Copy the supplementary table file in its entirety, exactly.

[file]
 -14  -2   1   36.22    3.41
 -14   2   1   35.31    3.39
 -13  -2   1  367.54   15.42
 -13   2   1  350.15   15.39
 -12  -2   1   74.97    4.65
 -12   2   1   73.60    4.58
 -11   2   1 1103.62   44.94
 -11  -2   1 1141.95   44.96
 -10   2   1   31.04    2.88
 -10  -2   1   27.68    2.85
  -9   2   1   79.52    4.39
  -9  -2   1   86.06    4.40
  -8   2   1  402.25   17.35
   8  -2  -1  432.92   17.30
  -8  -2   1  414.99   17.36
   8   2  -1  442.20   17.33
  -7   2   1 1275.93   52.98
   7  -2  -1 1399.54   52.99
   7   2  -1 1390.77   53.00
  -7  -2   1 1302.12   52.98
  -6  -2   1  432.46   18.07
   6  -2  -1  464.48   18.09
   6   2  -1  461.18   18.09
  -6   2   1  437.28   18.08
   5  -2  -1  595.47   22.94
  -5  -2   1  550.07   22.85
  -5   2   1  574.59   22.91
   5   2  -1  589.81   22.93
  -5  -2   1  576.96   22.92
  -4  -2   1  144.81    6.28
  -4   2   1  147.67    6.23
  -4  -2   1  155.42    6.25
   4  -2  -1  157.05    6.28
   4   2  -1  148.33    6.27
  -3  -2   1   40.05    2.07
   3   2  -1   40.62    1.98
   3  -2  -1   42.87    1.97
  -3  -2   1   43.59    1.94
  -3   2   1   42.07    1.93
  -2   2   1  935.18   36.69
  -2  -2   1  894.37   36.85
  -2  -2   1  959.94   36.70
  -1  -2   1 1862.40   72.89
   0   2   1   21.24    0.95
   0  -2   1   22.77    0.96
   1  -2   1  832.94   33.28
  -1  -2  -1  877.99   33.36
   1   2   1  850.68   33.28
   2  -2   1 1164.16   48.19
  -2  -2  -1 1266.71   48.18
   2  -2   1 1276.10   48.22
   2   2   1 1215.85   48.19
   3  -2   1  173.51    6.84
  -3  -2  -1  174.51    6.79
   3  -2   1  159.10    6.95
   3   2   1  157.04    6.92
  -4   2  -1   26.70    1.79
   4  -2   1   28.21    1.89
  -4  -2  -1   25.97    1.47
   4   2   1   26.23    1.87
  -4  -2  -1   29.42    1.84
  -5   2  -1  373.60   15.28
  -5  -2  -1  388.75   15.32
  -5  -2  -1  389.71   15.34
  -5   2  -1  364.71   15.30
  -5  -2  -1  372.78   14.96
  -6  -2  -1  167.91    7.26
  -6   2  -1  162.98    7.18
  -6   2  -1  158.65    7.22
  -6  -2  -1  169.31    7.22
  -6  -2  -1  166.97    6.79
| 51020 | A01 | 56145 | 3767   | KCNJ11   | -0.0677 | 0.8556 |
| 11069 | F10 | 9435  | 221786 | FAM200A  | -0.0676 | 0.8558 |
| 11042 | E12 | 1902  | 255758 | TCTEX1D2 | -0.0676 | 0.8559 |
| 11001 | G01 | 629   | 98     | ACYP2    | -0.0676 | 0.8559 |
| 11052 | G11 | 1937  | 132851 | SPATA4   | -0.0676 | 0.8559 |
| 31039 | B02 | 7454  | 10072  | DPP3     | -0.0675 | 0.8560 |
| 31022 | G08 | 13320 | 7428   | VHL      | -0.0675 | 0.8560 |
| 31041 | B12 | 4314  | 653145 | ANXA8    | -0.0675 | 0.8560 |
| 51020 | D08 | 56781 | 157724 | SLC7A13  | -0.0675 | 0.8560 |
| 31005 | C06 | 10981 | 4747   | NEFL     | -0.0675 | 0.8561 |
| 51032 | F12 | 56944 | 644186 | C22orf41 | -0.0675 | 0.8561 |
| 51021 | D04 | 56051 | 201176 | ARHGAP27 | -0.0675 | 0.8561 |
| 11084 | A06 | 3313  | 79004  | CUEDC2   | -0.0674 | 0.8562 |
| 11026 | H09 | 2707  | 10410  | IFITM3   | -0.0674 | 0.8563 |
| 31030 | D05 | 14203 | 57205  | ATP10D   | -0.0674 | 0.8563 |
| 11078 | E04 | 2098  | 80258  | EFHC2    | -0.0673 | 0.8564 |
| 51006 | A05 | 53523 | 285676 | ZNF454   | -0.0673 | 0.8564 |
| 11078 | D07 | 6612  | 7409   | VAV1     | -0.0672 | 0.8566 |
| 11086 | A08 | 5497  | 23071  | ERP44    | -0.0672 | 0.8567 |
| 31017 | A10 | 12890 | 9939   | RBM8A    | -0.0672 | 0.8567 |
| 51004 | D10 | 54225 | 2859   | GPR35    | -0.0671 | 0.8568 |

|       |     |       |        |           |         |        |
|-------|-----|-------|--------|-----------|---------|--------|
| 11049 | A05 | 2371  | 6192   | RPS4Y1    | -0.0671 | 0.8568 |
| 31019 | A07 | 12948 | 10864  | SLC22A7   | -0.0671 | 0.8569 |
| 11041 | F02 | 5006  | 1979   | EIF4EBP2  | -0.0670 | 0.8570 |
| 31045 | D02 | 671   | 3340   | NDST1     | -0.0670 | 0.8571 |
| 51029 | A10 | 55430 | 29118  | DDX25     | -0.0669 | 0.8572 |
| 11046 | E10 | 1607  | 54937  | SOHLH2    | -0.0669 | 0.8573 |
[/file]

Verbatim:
 -14  -2   1   36.22    3.41
 -14   2   1   35.31    3.39
 -13  -2   1  367.54   15.42
 -13   2   1  350.15   15.39
 -12  -2   1   74.97    4.65
 -12   2   1   73.60    4.58
 -11   2   1 1103.62   44.94
 -11  -2   1 1141.95   44.96
 -10   2   1   31.04    2.88
 -10  -2   1   27.68    2.85
  -9   2   1   79.52    4.39
  -9  -2   1   86.06    4.40
  -8   2   1  402.25   17.35
   8  -2  -1  432.92   17.30
  -8  -2   1  414.99   17.36
   8   2  -1  442.20   17.33
  -7   2   1 1275.93   52.98
   7  -2  -1 1399.54   52.99
   7   2  -1 1390.77   53.00
  -7  -2   1 1302.12   52.98
  -6  -2   1  432.46   18.07
   6  -2  -1  464.48   18.09
   6   2  -1  461.18   18.09
  -6   2   1  437.28   18.08
   5  -2  -1  595.47   22.94
  -5  -2   1  550.07   22.85
  -5   2   1  574.59   22.91
   5   2  -1  589.81   22.93
  -5  -2   1  576.96   22.92
  -4  -2   1  144.81    6.28
  -4   2   1  147.67    6.23
  -4  -2   1  155.42    6.25
   4  -2  -1  157.05    6.28
   4   2  -1  148.33    6.27
  -3  -2   1   40.05    2.07
   3   2  -1   40.62    1.98
   3  -2  -1   42.87    1.97
  -3  -2   1   43.59    1.94
  -3   2   1   42.07    1.93
  -2   2   1  935.18   36.69
  -2  -2   1  894.37   36.85
  -2  -2   1  959.94   36.70
  -1  -2   1 1862.40   72.89
   0   2   1   21.24    0.95
   0  -2   1   22.77    0.96
   1  -2   1  832.94   33.28
  -1  -2  -1  877.99   33.36
   1   2   1  850.68   33.28
   2  -2   1 1164.16   48.19
  -2  -2  -1 1266.71   48.18
   2  -2   1 1276.10   48.22
   2   2   1 1215.85   48.19
   3  -2   1  173.51    6.84
  -3  -2  -1  174.51    6.79
   3  -2   1  159.10    6.95
   3   2   1  157.04    6.92
  -4   2  -1   26.70    1.79
   4  -2   1   28.21    1.89
  -4  -2  -1   25.97    1.47
   4   2   1   26.23    1.87
  -4  -2  -1   29.42    1.84
  -5   2  -1  373.60   15.28
  -5  -2  -1  388.75   15.32
  -5  -2  -1  389.71   15.34
  -5   2  -1  364.71   15.30
  -5  -2  -1  372.78   14.96
  -6  -2  -1  167.91    7.26
  -6   2  -1  162.98    7.18
  -6   2  -1  158.65    7.22
  -6  -2  -1  169.31    7.22
  -6  -2  -1  166.97    6.79
| 51020 | A01 | 56145 | 3767   | KCNJ11   | -0.0677 | 0.8556 |
| 11069 | F10 | 9435  | 221786 | FAM200A  | -0.0676 | 0.8558 |
| 11042 | E12 | 1902  | 255758 | TCTEX1D2 | -0.0676 | 0.8559 |
| 11001 | G01 | 629   | 98     | ACYP2    | -0.0676 | 0.8559 |
| 11052 | G11 | 1937  | 132851 | SPATA4   | -0.0676 | 0.8559 |
| 31039 | B02 | 7454  | 10072  | DPP3     | -0.0675 | 0.8560 |
| 31022 | G08 | 13320 | 7428   | VHL      | -0.0675 | 0.8560 |
| 31041 | B12 | 4314  | 653145 | ANXA8    | -0.0675 | 0.8560 |
| 51020 | D08 | 56781 | 157724 | SLC7A13  | -0.0675 | 0.8560 |
| 31005 | C06 | 10981 | 4747   | NEFL     | -0.0675 | 0.8561 |
| 51032 | F12 | 56944 | 644186 | C22orf41 | -0.0675 | 0.8561 |
| 51021 | D04 | 56051 | 201176 | ARHGAP27 | -0.0675 | 0.8561 |
| 11084 | A06 | 3313  | 79004  | CUEDC2   | -0.0674 | 0.8562 |
| 11026 | H09 | 2707  | 10410  | IFITM3   | -0.0674 | 0.8563 |
| 31030 | D05 | 14203 | 57205  | ATP10D   | -0.0674 | 0.8563 |
| 11078 | E04 | 2098  | 80258  | EFHC2    | -0.0673 | 0.8564 |
| 51006 | A05 | 53523 | 285676 | ZNF454   | -0.0673 | 0.8564 |
| 11078 | D07 | 6612  | 7409   | VAV1     | -0.0672 | 0.8566 |
| 11086 | A08 | 5497  | 23071  | ERP44    | -0.0672 | 0.8567 |
| 31017 | A10 | 12890 | 9939   | RBM8A    | -0.0672 | 0.8567 |
| 51004 | D10 | 54225 | 2859   | GPR35    | -0.0671 | 0.8568 |

|       |     |       |        |           |         |        |
|-------|-----|-------|--------|-----------|---------|--------|
| 11049 | A05 | 2371  | 6192   | RPS4Y1    | -0.0671 | 0.8568 |
| 31019 | A07 | 12948 | 10864  | SLC22A7   | -0.0671 | 0.8569 |
| 11041 | F02 | 5006  | 1979   | EIF4EBP2  | -0.0670 | 0.8570 |
| 31045 | D02 | 671   | 3340   | NDST1     | -0.0670 | 0.8571 |
| 51029 | A10 | 55430 | 29118  | DDX25     | -0.0669 | 0.8572 |
| 11046 | E10 | 1607  | 54937  | SOHLH2    | -0.0669 | 0.8573 |